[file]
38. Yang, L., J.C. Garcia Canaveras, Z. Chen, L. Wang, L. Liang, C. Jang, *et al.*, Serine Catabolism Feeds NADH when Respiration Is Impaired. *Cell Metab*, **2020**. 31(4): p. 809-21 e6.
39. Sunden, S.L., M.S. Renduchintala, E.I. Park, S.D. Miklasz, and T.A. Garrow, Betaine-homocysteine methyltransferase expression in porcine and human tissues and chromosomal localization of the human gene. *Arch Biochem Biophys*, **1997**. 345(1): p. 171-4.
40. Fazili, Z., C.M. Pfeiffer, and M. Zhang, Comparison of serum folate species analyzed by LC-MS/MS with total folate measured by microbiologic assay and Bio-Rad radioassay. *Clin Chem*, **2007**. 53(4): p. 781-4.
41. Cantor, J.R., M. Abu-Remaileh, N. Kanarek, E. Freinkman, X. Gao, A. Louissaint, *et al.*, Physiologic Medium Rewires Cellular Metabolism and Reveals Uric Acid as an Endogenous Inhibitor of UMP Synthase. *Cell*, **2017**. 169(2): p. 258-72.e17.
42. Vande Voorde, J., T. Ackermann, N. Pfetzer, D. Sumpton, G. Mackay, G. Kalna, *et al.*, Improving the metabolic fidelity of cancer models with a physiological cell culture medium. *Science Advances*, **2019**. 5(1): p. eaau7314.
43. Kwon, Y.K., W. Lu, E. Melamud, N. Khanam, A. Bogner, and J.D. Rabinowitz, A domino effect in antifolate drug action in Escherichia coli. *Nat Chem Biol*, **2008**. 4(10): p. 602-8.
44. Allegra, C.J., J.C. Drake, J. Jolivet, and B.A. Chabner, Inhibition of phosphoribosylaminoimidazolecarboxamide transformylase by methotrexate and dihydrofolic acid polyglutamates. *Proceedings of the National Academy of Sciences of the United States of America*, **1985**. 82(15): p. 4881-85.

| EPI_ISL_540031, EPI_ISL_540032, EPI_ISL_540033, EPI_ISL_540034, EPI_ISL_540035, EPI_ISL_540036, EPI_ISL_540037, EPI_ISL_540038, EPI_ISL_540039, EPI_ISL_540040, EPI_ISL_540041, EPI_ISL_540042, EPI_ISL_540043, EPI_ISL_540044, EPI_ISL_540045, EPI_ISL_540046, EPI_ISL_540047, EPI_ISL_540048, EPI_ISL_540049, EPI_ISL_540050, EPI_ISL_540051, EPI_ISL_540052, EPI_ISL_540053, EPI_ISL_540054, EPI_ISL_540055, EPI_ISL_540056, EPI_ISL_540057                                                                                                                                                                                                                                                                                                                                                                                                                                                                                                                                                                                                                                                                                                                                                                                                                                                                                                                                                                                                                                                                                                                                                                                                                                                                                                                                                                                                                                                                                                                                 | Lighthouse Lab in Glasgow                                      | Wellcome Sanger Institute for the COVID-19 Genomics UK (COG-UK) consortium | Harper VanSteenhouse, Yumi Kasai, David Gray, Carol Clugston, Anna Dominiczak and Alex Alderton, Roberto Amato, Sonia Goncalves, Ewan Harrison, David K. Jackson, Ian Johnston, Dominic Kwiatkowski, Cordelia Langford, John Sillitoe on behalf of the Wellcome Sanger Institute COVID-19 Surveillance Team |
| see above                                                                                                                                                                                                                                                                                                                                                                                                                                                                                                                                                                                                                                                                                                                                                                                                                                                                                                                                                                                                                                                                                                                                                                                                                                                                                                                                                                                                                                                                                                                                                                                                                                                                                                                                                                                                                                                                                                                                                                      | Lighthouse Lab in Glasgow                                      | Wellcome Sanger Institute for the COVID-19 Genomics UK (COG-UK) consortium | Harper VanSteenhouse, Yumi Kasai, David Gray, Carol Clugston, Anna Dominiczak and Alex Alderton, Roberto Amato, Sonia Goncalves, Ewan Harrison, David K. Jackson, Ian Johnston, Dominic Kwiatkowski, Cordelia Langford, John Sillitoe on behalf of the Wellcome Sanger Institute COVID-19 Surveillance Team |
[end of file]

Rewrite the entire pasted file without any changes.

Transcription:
38. Yang, L., J.C. Garcia Canaveras, Z. Chen, L. Wang, L. Liang, C. Jang, *et al.*, Serine Catabolism Feeds NADH when Respiration Is Impaired. *Cell Metab*, **2020**. 31(4): p. 809-21 e6.
39. Sunden, S.L., M.S. Renduchintala, E.I. Park, S.D. Miklasz, and T.A. Garrow, Betaine-homocysteine methyltransferase expression in porcine and human tissues and chromosomal localization of the human gene. *Arch Biochem Biophys*, **1997**. 345(1): p. 171-4.
40. Fazili, Z., C.M. Pfeiffer, and M. Zhang, Comparison of serum folate species analyzed by LC-MS/MS with total folate measured by microbiologic assay and Bio-Rad radioassay. *Clin Chem*, **2007**. 53(4): p. 781-4.
41. Cantor, J.R., M. Abu-Remaileh, N. Kanarek, E. Freinkman, X. Gao, A. Louissaint, *et al.*, Physiologic Medium Rewires Cellular Metabolism and Reveals Uric Acid as an Endogenous Inhibitor of UMP Synthase. *Cell*, **2017**. 169(2): p. 258-72.e17.
42. Vande Voorde, J., T. Ackermann, N. Pfetzer, D. Sumpton, G. Mackay, G. Kalna, *et al.*, Improving the metabolic fidelity of cancer models with a physiological cell culture medium. *Science Advances*, **2019**. 5(1): p. eaau7314.
43. Kwon, Y.K., W. Lu, E. Melamud, N. Khanam, A. Bogner, and J.D. Rabinowitz, A domino effect in antifolate drug action in Escherichia coli. *Nat Chem Biol*, **2008**. 4(10): p. 602-8.
44. Allegra, C.J., J.C. Drake, J. Jolivet, and B.A. Chabner, Inhibition of phosphoribosylaminoimidazolecarboxamide transformylase by methotrexate and dihydrofolic acid polyglutamates. *Proceedings of the National Academy of Sciences of the United States of America*, **1985**. 82(15): p. 4881-85.

| EPI_ISL_540031, EPI_ISL_540032, EPI_ISL_540033, EPI_ISL_540034, EPI_ISL_540035, EPI_ISL_540036, EPI_ISL_540037, EPI_ISL_540038, EPI_ISL_540039, EPI_ISL_540040, EPI_ISL_540041, EPI_ISL_540042, EPI_ISL_540043, EPI_ISL_540044, EPI_ISL_540045, EPI_ISL_540046, EPI_ISL_540047, EPI_ISL_540048, EPI_ISL_540049, EPI_ISL_540050, EPI_ISL_540051, EPI_ISL_540052, EPI_ISL_540053, EPI_ISL_540054, EPI_ISL_540055, EPI_ISL_540056, EPI_ISL_540057                                                                                                                                                                                                                                                                                                                                                                                                                                                                                                                                                                                                                                                                                                                                                                                                                                                                                                                                                                                                                                                                                                                                                                                                                                                                                                                                                                                                                                                                                                                                 | Lighthouse Lab in Glasgow                                      | Wellcome Sanger Institute for the COVID-19 Genomics UK (COG-UK) consortium | Harper VanSteenhouse, Yumi Kasai, David Gray, Carol Clugston, Anna Dominiczak and Alex Alderton, Roberto Amato, Sonia Goncalves, Ewan Harrison, David K. Jackson, Ian Johnston, Dominic Kwiatkowski, Cordelia Langford, John Sillitoe on behalf of the Wellcome Sanger Institute COVID-19 Surveillance Team |
| see above                                                                                                                                                                                                                                                                                                                                                                                                                                                                                                                                                                                                                                                                                                                                                                                                                                                                                                                                                                                                                                                                                                                                                                                                                                                                                                                                                                                                                                                                                                                                                                                                                                                                                                                                                                                                                                                                                                                                                                      | Lighthouse Lab in Glasgow                                      | Wellcome Sanger Institute for the COVID-19 Genomics UK (COG-UK) consortium | Harper VanSteenhouse, Yumi Kasai, David Gray, Carol Clugston, Anna Dominiczak and Alex Alderton, Roberto Amato, Sonia Goncalves, Ewan Harrison, David K. Jackson, Ian Johnston, Dominic Kwiatkowski, Cordelia Langford, John Sillitoe on behalf of the Wellcome Sanger Institute COVID-19 Surveillance Team |